View report

Reports

Optimization of sample preparation - filtration and DNA extraction - for the analysis of sea water samples

Published:

01/11/2010

Authors:

Eyjólfur Reynisson, Árni Rafn Rúnarsson, Sveinn Haukur Magnússon, Desiree Seehafer, Viggó Þór Marteinsson

Supported by:

Fisheries Project Fund, Ministry of Fisheries and Agriculture

Contact

Viggó Marteinsson

Research Group Leader

viggo.th.marteinsson@matis.is

Optimization of sample preparation - filtration and DNA extraction - for the analysis of sea water samples

Little is known about microorganisms or the diversity of microbial communities in Icelandic waters, but they play an important role in the marine ecosystem. It is necessary to study the microbiology of the ocean around Iceland with new and powerful methods based on molecular biology. In such work, the quality of the samples and sample preparation are very important. In this study, a preliminary survey of sea samples, sampling and sample handling was performed before large quantities of samples are taken. First, samples were taken from the marina in Reykjavík for preliminary study and then we continued with samples from the open sea. Yields were examined for DNA levels and how well the microorganisms' genes were amplified by PCR. The results showed that the best method was a purchased DNA isolation kit that isolated most of the DNA and was quantifiable by PCR. A cheaper and faster method with an automatic isolator and home-made substrates also proved to be very successful, as comparable results were obtained from PCR amplification, although lower DNA recovery was obtained. Based on these results, it is possible to set up procedures based on automatic DNA isolation of samples but the use of purchased isolation kits on more difficult samples. It is planned to use these results for sea samples from the Marine Research Institute's spring survey.

The knowledge on microbial diversity and community structure in Icelandic seawater is scarce at present despite their important role in ocean ecology. The agenda is to increase our knowledge in this field by applying recent and powerful analytical tools. In order to do that it is essential to have access to high quality samples and sample preparation procedures. In the present study sea sample preparation was studied with aim of comparing different methods and optimizes the workflow. Samples from a harbor in Reykjavík and open sea samples were used for this purpose. The results showed that an extraction method based on an Epicenter kit gave the best results regarding DNA recovery from the samples and suitability in a PCR amplification. However, a method based on semi ‐ automatic protocol and in house reagents proved to be more cost effective and showed comparable performance with PCR suitability of the samples although a lower DNA recovery was obtained. From these results it is now possible to establish an efficient work flow for microbial diversity analysis of sea samples using an automated method as a first choice with the option of more costly method for more challenging samples.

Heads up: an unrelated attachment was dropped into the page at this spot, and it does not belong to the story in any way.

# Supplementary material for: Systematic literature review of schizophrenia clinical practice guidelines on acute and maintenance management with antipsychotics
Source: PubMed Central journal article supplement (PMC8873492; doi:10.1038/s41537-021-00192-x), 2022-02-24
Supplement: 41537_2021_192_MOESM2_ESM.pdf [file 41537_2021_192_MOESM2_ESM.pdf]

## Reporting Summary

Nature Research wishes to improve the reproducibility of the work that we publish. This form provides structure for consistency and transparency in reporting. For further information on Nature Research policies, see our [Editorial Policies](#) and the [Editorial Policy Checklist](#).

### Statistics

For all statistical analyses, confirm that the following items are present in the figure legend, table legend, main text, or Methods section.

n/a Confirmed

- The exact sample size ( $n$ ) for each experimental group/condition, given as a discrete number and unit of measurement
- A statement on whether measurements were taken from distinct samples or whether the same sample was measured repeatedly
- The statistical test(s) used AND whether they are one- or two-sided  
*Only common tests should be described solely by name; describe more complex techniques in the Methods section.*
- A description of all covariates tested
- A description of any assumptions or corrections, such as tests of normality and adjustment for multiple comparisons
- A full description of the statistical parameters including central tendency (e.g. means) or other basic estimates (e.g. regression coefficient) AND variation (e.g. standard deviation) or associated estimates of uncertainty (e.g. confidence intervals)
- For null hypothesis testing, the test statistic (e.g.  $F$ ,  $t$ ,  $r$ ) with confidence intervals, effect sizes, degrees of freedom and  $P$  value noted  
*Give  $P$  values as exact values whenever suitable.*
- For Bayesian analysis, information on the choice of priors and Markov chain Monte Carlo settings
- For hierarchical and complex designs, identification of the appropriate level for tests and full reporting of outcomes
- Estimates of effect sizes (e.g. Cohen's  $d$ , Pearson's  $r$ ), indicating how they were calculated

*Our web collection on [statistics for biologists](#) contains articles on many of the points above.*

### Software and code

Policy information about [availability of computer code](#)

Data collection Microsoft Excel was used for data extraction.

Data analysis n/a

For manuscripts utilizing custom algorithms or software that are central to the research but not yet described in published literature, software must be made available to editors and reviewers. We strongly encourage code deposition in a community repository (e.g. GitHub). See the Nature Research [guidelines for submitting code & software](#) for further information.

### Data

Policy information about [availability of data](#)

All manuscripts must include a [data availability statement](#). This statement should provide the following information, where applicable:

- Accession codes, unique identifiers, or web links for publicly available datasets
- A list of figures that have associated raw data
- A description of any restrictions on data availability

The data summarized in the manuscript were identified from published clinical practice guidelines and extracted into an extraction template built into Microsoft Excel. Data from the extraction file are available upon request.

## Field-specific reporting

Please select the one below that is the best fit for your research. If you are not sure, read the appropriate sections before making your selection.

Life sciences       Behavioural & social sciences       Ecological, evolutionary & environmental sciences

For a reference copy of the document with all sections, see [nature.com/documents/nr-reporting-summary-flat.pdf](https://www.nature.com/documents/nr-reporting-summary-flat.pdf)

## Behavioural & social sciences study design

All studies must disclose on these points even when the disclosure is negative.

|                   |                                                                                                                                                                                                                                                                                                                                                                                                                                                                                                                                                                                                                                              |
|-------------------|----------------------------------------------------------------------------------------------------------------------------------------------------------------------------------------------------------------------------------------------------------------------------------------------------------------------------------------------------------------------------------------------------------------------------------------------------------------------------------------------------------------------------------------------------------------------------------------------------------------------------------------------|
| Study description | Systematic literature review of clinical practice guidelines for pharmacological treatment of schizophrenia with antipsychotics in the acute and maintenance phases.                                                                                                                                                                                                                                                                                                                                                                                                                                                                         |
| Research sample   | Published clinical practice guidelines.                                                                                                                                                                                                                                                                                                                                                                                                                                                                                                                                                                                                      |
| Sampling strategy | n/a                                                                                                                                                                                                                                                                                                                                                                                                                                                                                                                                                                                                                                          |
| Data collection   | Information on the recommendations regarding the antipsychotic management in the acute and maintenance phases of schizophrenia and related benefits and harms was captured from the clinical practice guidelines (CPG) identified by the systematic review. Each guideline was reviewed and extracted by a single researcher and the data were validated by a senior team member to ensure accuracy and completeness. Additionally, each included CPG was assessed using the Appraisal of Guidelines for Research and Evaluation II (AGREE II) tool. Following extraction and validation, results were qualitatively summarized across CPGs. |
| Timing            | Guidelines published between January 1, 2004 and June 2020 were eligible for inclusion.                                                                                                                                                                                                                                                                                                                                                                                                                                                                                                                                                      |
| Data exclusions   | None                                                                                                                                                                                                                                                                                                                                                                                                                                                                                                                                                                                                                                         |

View report

Reports

Bacterial diversity in the processing environment of fish products

Published:

01/03/2010

Authors:

Eyjólfur Reynisson, Sveinn Haukur Magnússon, Árni Rafn Rúnarsson, Viggó Þór Marteinsson

Supported by:

Tækniþróunarsjóður, AVS

Contact

Viggó Marteinsson

Research Group Leader

viggo.th.marteinsson@matis.is

Bacterial diversity in the processing environment of fish products

The report seeks to address the diversity and species composition of micro-organisms in fish processing environments. The research work began with the installation and development of methods for scanning microbial composition using molecular biological methods, and then at a later stage, work began on examining selected environments from the fishing industry. Two fish processing plants were visited, each twice where an evaluation was made of the processing and approx. 20 samples taken in each trip. A diverse community of bacteria was found, where known harmful bacteria were usually in a high proportion along with various other species. Microbial counts showed high levels of bacteria on the surface of production lines during processing with few bacterial groups in excess but also numerous other species in smaller quantities. The main groups of bacteria found belong to Photobacterium phosphoreum, which was in the highest proportion overall throughout the study, along with Flavobacterium, Psychrobacter, Chryseobacter, Acinetobacter and Pseudoalteromonas. All of these species are known fish bacteria that live in the redness and intestines of live fish. This is the first known project where molecular biological methods are used to scan the bacterial ecosystem of fish processing plants. A knowledge base has therefore been laid here for bacterial ecosystems in different conditions in fish processing, which will be used permanently in research and development of improved processing processes and storage methods for fish.

In this report we seek answers on diversity and species composition of bacteria in fish processing environment. The study initiated method development to screen microbial systems using molecular methods followed by analysis of samples from 2 fish processing plants. This research shows the presence of a diverse microbial community in fish processing environment where known spoilage microorganisms are typically in high relative numbers along with various other bacterial species. Total viable counts showed the presence of bacteria in high numbers on processing surfaces during fish processing where few species typically dominated the community. Photobacterium phosphoreum was the most apparent species followed by genera such as Flavobacterium, Psychrobacter, Chryseobacter, Acinetobacter and Pseudoalteromonas. All these species are known fish associated bacteria that live on the skin and in the digestive tract of a living animal. To our knowledge, this is the first study where molecular methods are used to screen microbial communities in fish processing plants. This research has therefore contributed a database on bacterial diversity in fish processing plants that will be used in the future to improve processing and storage methods in the fish industry.

View report
EN